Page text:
# How to Add, Subtract and Multiply Polynomials

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• 0:04 Adding Polynomials
• 2:19 Subtracting Polynomials
• 4:07 Multiplying Polynomials
• 6:18 Lesson Summary

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Lesson Transcript
Instructor: Kathryn Maloney

Kathryn teaches college math. She holds a master's degree in Learning and Technology.

Adding, subtracting and multiplying polynomials are, basically, the same as adding, subtracting and multiplying numbers. They only difference is that we have a pesky variable to worry about, but this video will show you that's no problem, so no worries! This method has worked for many of my students, and I think it will work for you, too! Adding polynomials is very easy! There are many ways to add polynomials that have been taught, but here's my favorite. I look at the problem and put a circle, square or triangle around the like terms so I don't get them confused.

Let's look at this example.

(2x^2 + 3x + 4) + (x^2 - 5x + 7)

I like to start from the left. I circle 2x^2. Now, I look for another like term to 2x^2. Of course, that's x^2, so I circle it.

Then I add them: 2x^2 + x^2 is 3x^2, and then I write that down as part of my answer.

The next term is 3x. I put a square around that one. Then look for another one. Of course, we have -5x, so I put a square around that one too.

Then add them: 3x + -5x is -2x, and I write that down as the next part of my answer.

You always want to double check that there aren't any more.

Finally, we have 4. I continue the same idea, but I put a triangle around it. Now I look for another like term to 4. Of course, that's 7, so I put a triangle around that one.

Then I add them: 4 + 7 is 11, and I write that down as the last part of my answer.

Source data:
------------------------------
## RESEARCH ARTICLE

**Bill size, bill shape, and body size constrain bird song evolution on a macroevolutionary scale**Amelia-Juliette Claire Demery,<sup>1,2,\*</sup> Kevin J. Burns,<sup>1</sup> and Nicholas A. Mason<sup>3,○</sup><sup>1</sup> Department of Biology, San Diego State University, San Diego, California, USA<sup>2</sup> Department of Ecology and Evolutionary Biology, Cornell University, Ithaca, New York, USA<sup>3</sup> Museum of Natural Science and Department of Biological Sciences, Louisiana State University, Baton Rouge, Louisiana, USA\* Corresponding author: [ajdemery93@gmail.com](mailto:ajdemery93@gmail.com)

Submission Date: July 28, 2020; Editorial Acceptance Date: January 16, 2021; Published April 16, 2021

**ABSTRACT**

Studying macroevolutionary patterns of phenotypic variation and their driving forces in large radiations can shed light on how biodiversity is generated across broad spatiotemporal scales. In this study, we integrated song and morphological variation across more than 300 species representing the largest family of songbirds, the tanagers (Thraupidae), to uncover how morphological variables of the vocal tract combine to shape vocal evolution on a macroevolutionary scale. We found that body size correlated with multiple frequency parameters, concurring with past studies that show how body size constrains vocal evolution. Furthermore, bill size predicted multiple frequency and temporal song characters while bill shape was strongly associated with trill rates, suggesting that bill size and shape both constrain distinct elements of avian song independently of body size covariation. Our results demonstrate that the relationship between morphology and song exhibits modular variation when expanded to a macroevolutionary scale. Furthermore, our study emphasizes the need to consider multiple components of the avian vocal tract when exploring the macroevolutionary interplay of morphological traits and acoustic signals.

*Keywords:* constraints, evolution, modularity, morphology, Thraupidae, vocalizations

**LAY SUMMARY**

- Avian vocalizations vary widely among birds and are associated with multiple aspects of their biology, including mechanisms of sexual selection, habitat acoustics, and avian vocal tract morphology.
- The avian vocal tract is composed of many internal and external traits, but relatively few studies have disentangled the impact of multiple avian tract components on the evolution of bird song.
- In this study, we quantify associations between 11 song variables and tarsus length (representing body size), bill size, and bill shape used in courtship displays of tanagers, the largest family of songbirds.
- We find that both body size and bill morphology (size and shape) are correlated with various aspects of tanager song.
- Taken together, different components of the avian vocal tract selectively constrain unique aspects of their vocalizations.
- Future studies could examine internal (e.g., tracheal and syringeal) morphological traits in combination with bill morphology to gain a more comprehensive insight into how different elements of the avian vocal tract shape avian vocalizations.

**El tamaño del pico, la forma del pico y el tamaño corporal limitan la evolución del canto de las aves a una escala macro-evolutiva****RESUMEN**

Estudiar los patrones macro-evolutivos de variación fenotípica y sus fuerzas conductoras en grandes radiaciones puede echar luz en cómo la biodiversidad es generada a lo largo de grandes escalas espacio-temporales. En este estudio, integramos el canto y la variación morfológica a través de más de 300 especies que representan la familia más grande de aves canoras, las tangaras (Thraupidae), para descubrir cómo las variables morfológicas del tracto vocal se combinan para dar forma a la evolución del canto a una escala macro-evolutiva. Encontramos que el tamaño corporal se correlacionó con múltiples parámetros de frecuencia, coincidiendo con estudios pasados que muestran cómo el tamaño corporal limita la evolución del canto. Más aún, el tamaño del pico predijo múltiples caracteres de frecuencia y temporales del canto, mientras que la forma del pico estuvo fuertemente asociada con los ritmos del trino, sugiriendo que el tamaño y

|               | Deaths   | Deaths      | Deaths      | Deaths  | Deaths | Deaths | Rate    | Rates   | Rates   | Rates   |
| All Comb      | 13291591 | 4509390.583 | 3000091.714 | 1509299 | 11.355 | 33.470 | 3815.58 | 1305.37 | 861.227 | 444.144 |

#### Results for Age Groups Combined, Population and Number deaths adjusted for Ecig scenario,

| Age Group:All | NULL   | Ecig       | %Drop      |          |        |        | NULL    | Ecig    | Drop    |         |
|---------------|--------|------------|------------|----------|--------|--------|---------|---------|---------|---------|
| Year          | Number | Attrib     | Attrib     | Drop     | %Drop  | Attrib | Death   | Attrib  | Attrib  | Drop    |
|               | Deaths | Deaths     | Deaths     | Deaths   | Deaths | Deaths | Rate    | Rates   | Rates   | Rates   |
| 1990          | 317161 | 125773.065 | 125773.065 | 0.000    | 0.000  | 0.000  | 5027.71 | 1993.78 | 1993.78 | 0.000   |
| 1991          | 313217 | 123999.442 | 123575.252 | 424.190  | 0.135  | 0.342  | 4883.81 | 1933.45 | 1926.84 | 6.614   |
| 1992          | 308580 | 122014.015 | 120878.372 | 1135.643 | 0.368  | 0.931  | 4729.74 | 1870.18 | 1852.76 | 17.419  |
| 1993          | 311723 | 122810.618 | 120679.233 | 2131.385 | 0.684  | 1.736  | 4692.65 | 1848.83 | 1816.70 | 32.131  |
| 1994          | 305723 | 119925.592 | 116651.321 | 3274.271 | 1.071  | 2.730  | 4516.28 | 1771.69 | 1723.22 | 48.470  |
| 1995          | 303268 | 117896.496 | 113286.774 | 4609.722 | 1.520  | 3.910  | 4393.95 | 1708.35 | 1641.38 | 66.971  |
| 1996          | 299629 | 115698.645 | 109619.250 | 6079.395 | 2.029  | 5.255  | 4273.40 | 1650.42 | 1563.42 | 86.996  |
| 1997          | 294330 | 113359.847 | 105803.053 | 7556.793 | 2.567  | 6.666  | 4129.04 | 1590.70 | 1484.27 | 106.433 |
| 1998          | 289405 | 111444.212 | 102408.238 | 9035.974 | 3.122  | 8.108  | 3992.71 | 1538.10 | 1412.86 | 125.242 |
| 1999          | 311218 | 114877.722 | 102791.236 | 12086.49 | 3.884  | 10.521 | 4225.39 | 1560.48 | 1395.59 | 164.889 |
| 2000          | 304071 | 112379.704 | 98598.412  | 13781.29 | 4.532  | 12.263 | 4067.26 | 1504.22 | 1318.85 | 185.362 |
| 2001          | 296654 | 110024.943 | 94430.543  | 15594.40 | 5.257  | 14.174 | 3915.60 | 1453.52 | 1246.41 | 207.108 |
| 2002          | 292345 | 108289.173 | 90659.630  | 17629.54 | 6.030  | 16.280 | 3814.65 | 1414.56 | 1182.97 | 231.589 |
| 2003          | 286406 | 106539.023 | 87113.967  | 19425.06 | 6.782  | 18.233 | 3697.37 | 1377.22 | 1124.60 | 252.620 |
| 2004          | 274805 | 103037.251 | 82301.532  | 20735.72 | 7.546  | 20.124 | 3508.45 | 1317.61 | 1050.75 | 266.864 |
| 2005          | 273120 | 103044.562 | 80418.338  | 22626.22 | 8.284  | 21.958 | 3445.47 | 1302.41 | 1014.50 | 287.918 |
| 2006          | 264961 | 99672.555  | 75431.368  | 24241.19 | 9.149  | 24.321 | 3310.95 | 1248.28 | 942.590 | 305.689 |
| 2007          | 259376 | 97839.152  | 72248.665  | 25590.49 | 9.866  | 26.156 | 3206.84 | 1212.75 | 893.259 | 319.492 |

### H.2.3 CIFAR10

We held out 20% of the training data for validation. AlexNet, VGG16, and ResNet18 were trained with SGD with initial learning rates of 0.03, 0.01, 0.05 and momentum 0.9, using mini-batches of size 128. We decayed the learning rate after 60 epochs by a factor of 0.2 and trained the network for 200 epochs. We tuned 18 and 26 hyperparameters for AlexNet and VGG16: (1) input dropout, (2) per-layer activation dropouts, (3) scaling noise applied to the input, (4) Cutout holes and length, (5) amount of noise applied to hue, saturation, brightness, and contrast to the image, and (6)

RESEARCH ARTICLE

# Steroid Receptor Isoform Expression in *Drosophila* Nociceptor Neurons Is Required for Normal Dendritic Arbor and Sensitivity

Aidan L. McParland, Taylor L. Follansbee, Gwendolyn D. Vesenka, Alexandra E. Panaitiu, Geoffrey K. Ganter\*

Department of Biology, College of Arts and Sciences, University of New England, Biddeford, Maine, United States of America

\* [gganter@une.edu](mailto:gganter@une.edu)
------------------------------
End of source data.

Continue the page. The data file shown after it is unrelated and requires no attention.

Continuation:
It's always good to double check that you have everything in a circle, square or triangle. When you get longer polynomials, it's easy to miss terms!

So here's my final answer: 3x^2 - 2x + 11.

'Okay, Kathryn, do I have to use circles, squares and triangles?' No! If you're good at adding polynomials, you can cross off as you go, but for those that haven't had enough practice, this is definitely my suggestion.

'Kathryn, what about problems that have more terms? What other shapes or ideas do you have?' Great question! You can use different colors to circle like terms. I don't use it here for the benefit of students who are color blind, but you could have used red to circle the x^2s, blue to circle the xs and green for the numbers. I've also used the method of underlining like terms too! Whatever you choose is how you will distinguish the different terms! ## Subtracting Polynomials

In subtraction, let me show you the underlining method.

(3x^2 - 2x + 5) - (2x^2 - 6x + 7)

First, I am going to distribute the -1 into the second expression. That will make this an addition problem!

The first expression stays the same: 3x^2 - 2x + 5. We will distribute the negative, like this: -1 * 2x^2, which is -2x^2; -1 * -6x, which is a positive 6x; and -1 * 7, which is -7. This gives us our new subtraction problem: (3x^2 - 2x + 5) + (-2x^2 + 6x - 7).

Remember, I am going to show you the method of underlining instead of circling to add the expressions.

We look at the first term 3x^2 and underline it. Now, I continue to look for a like term. Here it is, -2x^2, and I underline it. Now I add them: 3x^2 + (-2x^2), and we get x^2. That's going to be the first term of our answer.

The second term is -2x, and this time, I put a squiggly line under it. Now I continue to look for a like term. Here it is: 6x, and I put a squiggly line under that one. I add -2x + 6x, and I get 4x. That's the second term in our answer.

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